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Three Winners Announced in 5th Annual Volvo for life Awards


Celebrity Judges to Honor Winners at April 5 Volvo for life Awards Ceremony in the heart of New York City, Grand Award Winner Will Receive a Volvo Car for Life


IRVINE, Calif. (March 22, 2007) ­­-- A Portland, Ore. mother who dedicates her life to helping overseas victims of domestic abuse; a Baltimore, Md. teenage cancer survivor committed to the environment and pediatric oncology research and an African refugee and widowed mother of ten, now living in Peoria, Ariz., who fights to protect and rescue other refugees. These three individuals - united by their conscience, care and character - are the top three winning heroes named today in the 5th Annual Volvo for life Awards.


Paula Lucas, Eli Kahn and Rose Mapendo each will receive a $50,000 contribution to the charity of their choice and will be honored at the Volvo for life Awards Ceremony at the world famous Cipriani's in the heart of New York City on April 5. During the ceremony one overall grand award winner will be named "America's Greatest Hometown Hero" and presented with a new Volvo every three years for the rest of his or her life.


The Volvo for life Awards (, launched in 2002, is the largest-ever national search for and celebration of everyday heroes in the categories of Safety, Quality of Life and Environment. Volvo Cars of North America provides $1 million in awards and contributions in honor of heroes.


This year, in celebration of the program's 5th anniversary, Volvo selected 255 heroes who have been nominated in the Volvo for life Awards since the annual program began. For the first time ever, the company invited the American public to visit and vote for their favorite hero.


"We received hundreds of thousands of votes from across the country and are thrilled by the response of the American public to our program this year," said Anne Bélec, president and chief executive officer for Volvo Cars of North America. "As well as truly embodying our core values of conscience, care and character, each one of our finalists has overcome great adversity to help others. We're honored that we have the opportunity to support the work of these truly incredible heroes and now look forward to honoring Paula, Eli and Rose at our awards ceremony. We also want to acknowledge again the heroic efforts of our six other finalists, as well as the work of the other 246 semi-finalists that were involved in our program this year."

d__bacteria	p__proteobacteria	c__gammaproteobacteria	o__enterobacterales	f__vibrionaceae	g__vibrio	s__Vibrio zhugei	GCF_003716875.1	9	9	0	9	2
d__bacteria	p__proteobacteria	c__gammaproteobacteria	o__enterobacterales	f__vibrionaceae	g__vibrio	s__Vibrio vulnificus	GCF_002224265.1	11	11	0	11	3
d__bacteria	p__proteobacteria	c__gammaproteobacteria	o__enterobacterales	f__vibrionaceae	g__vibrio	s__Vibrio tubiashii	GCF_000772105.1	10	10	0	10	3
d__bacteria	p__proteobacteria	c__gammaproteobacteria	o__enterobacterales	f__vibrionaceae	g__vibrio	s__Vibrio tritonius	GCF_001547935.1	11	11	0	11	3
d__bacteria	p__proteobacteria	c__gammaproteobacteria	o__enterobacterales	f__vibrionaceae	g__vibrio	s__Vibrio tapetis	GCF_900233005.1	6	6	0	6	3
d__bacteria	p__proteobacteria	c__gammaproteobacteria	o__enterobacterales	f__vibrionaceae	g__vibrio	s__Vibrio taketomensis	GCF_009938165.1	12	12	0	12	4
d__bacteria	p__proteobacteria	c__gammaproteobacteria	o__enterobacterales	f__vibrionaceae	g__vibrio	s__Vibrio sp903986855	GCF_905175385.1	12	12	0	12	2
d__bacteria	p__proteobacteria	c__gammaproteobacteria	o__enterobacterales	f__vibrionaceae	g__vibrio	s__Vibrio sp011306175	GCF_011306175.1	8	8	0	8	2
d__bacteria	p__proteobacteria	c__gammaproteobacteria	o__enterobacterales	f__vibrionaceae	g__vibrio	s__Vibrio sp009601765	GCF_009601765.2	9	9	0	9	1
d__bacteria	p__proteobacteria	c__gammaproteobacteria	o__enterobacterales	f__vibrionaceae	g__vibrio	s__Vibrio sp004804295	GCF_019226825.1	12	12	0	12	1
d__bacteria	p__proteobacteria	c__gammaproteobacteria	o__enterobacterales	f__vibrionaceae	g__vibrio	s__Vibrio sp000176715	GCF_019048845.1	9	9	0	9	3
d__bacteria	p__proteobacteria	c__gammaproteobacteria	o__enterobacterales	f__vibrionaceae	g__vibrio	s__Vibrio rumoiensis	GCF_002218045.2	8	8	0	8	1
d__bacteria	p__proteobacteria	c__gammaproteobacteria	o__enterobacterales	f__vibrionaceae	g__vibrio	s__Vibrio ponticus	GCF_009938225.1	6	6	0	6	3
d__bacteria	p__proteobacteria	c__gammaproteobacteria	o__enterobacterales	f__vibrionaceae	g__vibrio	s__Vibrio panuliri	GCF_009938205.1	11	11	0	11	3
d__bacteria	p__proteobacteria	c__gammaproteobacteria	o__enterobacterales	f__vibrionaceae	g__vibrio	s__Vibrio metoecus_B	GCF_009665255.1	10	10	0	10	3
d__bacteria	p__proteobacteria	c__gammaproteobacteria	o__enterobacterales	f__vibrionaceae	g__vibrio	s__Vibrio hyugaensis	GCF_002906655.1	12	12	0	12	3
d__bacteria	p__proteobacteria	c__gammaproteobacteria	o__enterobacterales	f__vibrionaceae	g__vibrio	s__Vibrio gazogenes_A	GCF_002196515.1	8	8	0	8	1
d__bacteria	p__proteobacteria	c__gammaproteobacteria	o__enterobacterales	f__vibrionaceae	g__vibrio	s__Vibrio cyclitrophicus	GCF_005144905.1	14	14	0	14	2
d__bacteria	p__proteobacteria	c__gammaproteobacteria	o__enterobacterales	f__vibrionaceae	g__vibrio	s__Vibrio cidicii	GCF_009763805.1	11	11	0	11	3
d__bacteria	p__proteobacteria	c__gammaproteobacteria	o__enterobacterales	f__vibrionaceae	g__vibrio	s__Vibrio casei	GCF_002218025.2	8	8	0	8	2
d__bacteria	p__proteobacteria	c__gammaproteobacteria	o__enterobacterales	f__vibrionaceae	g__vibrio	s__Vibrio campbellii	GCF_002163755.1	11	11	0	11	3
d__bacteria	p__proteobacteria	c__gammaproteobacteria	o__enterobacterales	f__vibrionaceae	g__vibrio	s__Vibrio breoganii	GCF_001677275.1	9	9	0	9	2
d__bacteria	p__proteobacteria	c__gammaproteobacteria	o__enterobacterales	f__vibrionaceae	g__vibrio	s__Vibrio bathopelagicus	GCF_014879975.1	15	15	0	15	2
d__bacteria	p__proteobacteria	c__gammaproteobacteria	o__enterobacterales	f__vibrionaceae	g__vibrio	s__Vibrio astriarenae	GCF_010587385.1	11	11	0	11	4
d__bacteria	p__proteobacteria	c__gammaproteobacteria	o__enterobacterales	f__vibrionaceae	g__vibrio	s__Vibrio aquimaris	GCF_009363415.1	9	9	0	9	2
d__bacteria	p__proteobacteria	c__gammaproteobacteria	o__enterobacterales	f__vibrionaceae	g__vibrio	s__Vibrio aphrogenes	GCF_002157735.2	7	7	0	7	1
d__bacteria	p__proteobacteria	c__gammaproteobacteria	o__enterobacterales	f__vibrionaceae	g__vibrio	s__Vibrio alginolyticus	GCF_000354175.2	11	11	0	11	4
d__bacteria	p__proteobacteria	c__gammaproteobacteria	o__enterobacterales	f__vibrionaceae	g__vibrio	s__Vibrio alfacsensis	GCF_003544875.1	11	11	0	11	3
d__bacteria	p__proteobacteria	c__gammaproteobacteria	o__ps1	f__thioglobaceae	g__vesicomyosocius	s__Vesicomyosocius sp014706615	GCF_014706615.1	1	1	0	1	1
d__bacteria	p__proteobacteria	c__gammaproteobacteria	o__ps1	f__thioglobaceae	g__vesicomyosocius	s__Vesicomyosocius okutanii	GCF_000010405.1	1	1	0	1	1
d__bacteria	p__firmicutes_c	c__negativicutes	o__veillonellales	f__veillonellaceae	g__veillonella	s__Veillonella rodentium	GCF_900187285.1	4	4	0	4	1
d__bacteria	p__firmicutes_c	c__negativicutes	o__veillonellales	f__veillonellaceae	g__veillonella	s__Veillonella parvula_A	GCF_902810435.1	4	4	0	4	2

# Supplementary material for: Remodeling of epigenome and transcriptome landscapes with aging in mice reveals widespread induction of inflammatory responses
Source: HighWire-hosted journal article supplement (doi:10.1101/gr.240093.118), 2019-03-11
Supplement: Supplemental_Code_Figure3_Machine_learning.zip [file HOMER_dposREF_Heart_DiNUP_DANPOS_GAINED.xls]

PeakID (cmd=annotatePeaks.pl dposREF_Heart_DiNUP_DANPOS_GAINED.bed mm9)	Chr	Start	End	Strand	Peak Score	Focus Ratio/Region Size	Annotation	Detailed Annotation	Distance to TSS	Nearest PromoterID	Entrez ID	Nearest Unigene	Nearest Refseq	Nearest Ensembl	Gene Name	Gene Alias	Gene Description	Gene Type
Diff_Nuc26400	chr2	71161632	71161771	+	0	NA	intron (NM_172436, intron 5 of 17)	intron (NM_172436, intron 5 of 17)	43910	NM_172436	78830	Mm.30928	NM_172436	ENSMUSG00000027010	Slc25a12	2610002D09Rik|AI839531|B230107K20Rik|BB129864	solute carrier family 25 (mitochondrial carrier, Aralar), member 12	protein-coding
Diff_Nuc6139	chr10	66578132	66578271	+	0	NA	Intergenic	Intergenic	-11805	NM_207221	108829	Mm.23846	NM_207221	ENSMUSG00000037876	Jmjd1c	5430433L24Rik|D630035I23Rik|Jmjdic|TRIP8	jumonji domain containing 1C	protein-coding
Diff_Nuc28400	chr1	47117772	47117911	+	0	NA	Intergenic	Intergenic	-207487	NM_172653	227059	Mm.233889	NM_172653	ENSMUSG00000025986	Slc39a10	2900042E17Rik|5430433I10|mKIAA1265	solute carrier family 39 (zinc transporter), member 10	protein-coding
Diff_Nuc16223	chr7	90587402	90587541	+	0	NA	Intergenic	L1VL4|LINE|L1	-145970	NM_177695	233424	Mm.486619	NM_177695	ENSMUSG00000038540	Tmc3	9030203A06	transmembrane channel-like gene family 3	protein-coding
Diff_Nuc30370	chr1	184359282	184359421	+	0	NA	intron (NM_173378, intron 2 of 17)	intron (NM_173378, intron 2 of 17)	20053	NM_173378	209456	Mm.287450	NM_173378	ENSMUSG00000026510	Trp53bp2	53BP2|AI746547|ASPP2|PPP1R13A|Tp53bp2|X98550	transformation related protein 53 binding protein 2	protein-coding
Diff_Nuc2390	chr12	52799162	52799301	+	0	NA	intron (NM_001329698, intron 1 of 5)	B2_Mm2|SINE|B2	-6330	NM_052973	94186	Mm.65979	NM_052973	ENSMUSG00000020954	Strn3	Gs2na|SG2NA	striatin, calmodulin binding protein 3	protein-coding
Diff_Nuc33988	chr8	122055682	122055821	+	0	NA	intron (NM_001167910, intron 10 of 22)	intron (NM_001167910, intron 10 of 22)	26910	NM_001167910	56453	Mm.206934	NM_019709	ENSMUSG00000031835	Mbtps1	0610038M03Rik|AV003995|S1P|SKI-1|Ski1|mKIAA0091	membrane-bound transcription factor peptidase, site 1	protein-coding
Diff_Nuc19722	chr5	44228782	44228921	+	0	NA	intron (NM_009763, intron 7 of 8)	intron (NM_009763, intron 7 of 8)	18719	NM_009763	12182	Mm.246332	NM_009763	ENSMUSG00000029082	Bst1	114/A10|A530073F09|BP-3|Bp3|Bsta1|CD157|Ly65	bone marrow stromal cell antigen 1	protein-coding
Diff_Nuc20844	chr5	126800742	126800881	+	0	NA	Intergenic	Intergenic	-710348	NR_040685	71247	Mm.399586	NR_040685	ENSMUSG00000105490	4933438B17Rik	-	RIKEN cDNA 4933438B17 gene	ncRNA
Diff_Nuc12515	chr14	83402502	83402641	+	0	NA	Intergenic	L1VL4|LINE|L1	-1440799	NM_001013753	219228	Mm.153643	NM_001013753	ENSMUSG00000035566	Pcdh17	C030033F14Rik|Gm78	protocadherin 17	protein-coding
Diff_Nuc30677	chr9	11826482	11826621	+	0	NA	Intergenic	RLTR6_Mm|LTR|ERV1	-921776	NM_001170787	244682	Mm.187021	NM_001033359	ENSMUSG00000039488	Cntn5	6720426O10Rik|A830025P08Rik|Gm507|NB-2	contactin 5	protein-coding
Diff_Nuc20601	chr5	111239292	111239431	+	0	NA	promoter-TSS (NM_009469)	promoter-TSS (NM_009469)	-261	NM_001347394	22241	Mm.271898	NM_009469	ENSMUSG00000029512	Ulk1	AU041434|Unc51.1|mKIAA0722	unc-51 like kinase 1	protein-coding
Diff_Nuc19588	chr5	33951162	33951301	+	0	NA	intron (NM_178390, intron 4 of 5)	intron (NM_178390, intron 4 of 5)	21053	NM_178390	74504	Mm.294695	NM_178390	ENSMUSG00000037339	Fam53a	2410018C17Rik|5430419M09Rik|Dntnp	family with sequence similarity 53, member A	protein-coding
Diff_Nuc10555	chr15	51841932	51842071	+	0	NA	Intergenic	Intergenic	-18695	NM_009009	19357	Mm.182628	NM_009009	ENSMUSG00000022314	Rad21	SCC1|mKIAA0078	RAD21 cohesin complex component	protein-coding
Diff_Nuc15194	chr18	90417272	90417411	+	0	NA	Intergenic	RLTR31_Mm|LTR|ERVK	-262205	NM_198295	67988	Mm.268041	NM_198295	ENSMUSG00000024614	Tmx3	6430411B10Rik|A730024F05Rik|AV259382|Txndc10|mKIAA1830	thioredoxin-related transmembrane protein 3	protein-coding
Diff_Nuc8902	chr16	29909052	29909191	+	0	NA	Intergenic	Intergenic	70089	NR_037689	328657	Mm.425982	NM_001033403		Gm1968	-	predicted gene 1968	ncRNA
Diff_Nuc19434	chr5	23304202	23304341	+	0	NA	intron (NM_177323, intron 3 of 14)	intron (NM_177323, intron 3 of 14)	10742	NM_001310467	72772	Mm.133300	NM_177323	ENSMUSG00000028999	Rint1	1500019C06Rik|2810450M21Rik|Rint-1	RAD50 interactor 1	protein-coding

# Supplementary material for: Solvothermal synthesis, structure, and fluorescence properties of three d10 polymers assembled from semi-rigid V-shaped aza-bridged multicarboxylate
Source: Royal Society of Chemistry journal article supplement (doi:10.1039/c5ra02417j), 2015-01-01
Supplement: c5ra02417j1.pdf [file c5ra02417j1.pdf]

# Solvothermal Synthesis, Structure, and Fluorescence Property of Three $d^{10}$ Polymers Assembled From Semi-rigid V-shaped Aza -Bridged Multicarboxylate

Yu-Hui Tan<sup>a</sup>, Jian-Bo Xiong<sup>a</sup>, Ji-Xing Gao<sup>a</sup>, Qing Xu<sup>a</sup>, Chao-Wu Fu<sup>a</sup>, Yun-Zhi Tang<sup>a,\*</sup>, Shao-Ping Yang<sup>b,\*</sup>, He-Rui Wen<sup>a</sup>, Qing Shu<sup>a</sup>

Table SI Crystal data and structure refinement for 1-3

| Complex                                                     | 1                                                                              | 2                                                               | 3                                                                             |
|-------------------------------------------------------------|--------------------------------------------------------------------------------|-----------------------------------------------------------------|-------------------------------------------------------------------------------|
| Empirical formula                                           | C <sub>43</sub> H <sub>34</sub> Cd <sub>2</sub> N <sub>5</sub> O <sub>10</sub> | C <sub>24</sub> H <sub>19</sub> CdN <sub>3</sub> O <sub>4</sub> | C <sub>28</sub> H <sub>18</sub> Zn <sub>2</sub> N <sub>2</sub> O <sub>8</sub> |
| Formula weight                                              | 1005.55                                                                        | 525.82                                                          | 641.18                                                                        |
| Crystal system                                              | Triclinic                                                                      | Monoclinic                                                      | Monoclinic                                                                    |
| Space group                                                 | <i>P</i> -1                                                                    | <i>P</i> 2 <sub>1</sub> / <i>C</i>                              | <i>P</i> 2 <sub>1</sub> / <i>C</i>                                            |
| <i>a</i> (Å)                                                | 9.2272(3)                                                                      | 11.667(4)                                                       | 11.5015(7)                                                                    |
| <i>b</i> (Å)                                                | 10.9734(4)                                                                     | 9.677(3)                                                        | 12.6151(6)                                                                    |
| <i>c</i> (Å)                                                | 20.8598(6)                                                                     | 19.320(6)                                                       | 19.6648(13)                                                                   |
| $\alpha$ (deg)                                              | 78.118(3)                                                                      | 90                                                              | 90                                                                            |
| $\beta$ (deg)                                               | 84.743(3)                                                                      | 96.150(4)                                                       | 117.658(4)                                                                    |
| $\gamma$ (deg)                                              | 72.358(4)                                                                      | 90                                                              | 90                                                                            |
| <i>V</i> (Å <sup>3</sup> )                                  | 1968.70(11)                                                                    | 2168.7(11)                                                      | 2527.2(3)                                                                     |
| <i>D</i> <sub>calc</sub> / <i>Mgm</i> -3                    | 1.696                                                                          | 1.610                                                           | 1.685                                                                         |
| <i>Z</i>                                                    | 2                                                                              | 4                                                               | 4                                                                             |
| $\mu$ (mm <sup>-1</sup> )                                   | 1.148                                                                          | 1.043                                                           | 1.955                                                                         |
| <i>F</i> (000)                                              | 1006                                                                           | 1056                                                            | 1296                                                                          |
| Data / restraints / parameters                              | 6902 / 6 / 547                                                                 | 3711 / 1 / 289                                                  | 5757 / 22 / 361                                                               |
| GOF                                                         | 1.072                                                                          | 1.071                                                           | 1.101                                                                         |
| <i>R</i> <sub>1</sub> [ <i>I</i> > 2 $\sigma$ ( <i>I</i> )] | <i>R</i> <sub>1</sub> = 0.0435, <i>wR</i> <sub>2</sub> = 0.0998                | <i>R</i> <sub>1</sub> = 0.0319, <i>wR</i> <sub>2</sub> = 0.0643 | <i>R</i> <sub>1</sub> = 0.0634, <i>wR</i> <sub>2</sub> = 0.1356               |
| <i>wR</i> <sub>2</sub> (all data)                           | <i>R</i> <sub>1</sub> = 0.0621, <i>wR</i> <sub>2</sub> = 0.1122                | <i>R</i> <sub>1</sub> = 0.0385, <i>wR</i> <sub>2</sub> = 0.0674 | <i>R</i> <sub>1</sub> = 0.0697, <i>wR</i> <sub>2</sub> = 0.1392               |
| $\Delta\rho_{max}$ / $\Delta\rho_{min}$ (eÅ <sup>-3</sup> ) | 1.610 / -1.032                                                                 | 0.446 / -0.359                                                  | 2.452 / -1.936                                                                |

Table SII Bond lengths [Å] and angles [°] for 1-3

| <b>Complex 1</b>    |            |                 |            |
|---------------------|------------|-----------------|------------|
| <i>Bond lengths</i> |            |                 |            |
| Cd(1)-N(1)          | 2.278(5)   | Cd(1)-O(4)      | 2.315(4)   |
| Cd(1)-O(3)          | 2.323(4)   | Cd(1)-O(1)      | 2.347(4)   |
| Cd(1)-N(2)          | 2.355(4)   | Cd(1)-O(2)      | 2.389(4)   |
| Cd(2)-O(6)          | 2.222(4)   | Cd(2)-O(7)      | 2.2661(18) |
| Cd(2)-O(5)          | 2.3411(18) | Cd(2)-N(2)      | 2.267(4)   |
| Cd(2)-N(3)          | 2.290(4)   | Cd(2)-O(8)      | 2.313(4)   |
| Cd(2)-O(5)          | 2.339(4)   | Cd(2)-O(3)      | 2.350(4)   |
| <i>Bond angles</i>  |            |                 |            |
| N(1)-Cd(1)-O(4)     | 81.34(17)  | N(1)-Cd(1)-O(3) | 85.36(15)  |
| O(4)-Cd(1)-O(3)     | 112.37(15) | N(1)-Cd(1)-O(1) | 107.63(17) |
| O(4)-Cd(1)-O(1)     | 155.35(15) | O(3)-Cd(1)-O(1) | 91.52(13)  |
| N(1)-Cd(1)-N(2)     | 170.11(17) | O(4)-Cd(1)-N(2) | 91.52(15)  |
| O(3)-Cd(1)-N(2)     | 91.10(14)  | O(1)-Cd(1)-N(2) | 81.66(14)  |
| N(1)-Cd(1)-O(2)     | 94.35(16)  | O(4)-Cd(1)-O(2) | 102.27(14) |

The American public selected nine finalists, three in each category of Safety, Quality of Life and Environment. A distinguished panel of judges-including Hank Aaron, Sen. Bill Bradley, Caroline Kennedy, Eunice Kennedy Shriver, Val Kilmer, Maya Lin, Paul Newman, Dr. Sally Ride and past Volvo for life grand award prize winners-then selected the three category winners, who are:


Safety: Paula Lucas of Portland, Ore.,

For the majority of her married life, Lucas was a scared mother living overseas trying to protect herself and her children from her abusive husband. With no resources available or people she could confide in to help bring her family to safety, Lucas didn't know where to turn. When Lucas and her children returned back home to the United States after fleeing the Middle East, she discovered she was still on her own. No government official to help her repatriate, no one to help her fight for her custodial rights, no one to give official advice or provide financial and emotional support. So, in 1999, Lucas, 48, took matters into her own hands and founded the American Domestic Violence Crisis Line.


Today, the crisis line acts as a lifeline for victims of domestic violence, especially those living overseas. In 2006 alone the program received 1,281 crisis calls and emails and helped 258 families in 47 countries. It also offers additional services, including anti-domestic violence advocacy, intervention, case management, safety planning, information, referrals, danger to safety transportation back to the United States, payment of legal retainers and transitional housing.


"I feel it is my duty to do what I can to help others out of situations that I've been in," said Lucas. "I know I've been given a second chance - I am one of the lucky ones. Being named a finalist in the Volvo for life Awards is amazing. I couldn't believe it. I am so grateful."


To date, Lucas' organization has not received government funding and is operating with money from donations, grants and fund-raising efforts. Lucas plans to invest her $50,000 into the crisis line. "We really, really need it. Throughout the years, the funding has stayed the same, but the demand and operations have increased considerably."


Quality of Life: Rose Mapendo of Peoria, Ariz.,

Mapendo was imprisoned and tortured by Congolese soldiers for more than a year. After witnessing her husband's execution and giving birth to premature twins in prison, she, with nine of her children, was freed and relocated to the U.S.. One of her daughters, now 17, was left behind and is yet to be reunited with her family. Had it not been for an aid worker who noticed how weak Mapendo's twin newborn boys were, Mapendo may also still be in Africa, since she and her family were not on any official refugee lists.